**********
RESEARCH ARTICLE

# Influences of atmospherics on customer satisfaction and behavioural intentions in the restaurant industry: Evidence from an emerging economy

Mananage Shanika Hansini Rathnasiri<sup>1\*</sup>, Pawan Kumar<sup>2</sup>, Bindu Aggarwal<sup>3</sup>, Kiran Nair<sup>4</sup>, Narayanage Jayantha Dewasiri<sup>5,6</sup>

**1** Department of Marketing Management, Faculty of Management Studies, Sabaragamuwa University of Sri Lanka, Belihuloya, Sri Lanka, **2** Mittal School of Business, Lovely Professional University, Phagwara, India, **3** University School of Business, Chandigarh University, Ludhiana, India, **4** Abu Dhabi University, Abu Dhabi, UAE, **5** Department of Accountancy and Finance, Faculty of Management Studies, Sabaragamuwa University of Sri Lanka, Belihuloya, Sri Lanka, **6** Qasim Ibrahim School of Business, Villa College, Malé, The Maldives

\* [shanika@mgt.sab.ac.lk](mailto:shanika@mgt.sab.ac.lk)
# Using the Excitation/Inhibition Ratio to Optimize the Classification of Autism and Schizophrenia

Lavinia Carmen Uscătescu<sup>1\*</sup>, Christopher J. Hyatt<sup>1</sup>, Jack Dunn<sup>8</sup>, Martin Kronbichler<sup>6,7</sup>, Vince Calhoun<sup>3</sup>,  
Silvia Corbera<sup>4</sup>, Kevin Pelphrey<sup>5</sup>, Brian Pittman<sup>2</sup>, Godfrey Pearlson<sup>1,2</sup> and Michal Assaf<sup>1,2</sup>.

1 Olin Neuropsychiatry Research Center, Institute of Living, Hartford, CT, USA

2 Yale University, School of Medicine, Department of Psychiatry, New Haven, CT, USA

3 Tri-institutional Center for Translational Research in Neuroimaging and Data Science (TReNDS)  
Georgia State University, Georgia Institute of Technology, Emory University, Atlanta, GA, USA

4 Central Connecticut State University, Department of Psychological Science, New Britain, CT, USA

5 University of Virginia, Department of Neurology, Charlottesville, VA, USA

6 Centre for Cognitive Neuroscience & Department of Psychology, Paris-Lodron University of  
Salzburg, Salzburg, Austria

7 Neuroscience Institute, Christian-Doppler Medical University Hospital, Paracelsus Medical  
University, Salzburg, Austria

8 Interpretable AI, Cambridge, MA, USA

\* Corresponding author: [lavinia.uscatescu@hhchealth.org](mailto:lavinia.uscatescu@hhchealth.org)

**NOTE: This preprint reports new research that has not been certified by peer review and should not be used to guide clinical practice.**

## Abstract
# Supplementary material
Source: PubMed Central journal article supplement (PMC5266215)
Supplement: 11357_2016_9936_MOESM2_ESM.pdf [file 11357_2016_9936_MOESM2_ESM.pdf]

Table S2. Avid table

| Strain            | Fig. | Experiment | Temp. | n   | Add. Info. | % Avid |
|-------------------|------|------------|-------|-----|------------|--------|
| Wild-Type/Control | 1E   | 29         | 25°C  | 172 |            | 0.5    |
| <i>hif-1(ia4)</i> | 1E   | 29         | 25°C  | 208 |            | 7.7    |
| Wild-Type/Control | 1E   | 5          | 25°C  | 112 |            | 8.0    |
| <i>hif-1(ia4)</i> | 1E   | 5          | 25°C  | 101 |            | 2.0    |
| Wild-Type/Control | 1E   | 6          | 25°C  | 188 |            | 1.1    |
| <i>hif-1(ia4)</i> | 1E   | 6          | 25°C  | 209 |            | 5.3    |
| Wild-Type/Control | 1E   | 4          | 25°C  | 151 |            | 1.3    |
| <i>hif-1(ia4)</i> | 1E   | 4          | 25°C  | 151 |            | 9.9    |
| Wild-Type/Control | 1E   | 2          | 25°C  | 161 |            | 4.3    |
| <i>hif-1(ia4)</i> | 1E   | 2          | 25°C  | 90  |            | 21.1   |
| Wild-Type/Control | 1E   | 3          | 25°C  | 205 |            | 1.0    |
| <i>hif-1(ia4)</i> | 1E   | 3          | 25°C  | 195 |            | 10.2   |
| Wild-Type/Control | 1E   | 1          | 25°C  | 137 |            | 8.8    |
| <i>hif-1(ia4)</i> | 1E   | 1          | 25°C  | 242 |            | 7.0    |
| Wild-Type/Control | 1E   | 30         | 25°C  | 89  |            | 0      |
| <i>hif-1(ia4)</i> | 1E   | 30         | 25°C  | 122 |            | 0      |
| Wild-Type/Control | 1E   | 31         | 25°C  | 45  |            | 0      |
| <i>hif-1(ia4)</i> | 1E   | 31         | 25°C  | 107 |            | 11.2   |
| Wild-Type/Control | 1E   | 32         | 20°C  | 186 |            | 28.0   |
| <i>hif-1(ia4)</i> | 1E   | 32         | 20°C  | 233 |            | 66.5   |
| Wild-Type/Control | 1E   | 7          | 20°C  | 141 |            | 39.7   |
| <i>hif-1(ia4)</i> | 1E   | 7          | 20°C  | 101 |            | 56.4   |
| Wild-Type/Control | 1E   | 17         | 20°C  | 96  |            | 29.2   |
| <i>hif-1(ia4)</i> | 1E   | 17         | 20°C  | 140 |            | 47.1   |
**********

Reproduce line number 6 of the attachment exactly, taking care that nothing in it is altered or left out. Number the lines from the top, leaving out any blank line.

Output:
# Using the Excitation/Inhibition Ratio to Optimize the Classification of Autism and Schizophrenia